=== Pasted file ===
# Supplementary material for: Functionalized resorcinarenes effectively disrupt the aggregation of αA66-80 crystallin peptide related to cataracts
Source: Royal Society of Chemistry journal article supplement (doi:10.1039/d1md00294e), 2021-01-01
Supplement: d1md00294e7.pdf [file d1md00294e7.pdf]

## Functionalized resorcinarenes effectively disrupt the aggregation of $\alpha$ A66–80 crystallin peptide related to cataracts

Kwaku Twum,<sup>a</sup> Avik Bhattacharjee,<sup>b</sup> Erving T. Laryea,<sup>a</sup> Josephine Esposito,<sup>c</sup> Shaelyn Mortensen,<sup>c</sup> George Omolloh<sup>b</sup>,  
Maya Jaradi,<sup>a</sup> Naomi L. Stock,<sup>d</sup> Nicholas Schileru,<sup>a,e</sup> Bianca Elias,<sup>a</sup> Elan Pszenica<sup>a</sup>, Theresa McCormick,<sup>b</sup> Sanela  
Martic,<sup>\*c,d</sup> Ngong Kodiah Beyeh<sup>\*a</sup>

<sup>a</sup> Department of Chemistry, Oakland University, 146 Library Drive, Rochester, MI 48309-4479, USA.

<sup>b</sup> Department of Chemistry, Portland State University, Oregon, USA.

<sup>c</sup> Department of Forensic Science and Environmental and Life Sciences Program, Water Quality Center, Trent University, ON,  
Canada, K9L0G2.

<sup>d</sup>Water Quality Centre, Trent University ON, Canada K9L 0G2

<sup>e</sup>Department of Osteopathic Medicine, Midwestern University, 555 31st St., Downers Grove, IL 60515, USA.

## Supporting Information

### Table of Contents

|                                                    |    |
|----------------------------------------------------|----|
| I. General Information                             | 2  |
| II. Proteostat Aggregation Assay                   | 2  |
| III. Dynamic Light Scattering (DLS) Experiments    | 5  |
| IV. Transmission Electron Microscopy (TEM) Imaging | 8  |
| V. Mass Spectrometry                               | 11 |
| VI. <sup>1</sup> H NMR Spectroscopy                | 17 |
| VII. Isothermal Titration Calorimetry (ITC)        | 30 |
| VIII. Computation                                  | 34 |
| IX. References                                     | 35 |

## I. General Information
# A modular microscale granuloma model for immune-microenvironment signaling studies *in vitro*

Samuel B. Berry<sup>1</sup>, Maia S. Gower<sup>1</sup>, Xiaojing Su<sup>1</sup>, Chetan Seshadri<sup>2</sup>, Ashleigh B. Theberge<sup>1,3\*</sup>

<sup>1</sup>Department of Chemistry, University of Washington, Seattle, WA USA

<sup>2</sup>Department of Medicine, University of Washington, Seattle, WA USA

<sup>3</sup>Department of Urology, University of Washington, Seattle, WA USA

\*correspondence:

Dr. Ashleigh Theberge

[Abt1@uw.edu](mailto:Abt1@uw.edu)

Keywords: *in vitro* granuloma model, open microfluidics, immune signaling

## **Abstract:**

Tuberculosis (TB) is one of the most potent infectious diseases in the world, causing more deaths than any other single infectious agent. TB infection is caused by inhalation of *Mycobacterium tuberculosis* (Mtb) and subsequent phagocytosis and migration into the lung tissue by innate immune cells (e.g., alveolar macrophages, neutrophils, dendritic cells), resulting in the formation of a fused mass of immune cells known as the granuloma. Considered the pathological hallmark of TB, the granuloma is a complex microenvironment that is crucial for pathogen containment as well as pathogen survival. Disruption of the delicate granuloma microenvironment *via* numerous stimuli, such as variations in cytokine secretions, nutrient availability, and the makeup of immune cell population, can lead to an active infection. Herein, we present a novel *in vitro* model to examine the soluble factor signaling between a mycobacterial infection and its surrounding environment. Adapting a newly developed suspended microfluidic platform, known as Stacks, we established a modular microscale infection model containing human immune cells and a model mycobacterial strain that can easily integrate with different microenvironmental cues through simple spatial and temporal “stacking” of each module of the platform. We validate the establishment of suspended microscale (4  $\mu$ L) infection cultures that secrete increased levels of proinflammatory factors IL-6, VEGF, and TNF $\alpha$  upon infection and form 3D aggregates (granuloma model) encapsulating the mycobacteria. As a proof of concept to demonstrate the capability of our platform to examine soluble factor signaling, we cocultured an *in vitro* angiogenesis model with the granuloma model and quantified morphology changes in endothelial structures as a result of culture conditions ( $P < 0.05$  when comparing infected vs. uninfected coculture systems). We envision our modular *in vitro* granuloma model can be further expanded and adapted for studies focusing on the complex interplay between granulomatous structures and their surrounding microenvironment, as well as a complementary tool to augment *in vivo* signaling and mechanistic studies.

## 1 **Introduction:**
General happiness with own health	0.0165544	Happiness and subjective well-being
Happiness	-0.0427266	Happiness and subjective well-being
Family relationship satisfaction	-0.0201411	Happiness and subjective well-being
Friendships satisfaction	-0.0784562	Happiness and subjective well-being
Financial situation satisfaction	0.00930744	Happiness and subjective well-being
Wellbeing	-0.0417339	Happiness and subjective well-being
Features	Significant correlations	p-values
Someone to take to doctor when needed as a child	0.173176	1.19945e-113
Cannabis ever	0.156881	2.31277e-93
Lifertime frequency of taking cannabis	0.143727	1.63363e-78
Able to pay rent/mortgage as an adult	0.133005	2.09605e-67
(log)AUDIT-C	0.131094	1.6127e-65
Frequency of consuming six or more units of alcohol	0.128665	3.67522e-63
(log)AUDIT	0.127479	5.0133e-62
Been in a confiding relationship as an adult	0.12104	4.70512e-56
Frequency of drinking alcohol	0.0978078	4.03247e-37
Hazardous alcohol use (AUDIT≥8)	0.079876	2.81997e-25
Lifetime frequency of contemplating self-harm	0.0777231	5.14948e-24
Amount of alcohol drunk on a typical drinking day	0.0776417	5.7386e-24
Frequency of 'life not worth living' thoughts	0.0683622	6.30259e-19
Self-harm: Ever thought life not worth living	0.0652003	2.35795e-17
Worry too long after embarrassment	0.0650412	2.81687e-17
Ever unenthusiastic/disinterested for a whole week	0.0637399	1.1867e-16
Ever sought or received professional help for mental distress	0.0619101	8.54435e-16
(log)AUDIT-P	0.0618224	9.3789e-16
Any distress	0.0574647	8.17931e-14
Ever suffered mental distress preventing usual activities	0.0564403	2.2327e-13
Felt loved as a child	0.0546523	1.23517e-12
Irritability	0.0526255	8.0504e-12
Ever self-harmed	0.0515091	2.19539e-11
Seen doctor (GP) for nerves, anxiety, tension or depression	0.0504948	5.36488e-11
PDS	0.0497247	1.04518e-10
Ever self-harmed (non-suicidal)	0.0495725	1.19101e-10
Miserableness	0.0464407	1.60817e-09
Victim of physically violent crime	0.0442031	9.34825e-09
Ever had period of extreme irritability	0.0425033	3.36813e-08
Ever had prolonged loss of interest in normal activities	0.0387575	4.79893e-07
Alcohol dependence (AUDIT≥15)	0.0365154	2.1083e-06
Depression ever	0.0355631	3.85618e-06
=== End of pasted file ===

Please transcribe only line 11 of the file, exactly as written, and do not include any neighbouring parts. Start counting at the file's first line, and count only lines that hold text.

Canada, K9L0G2.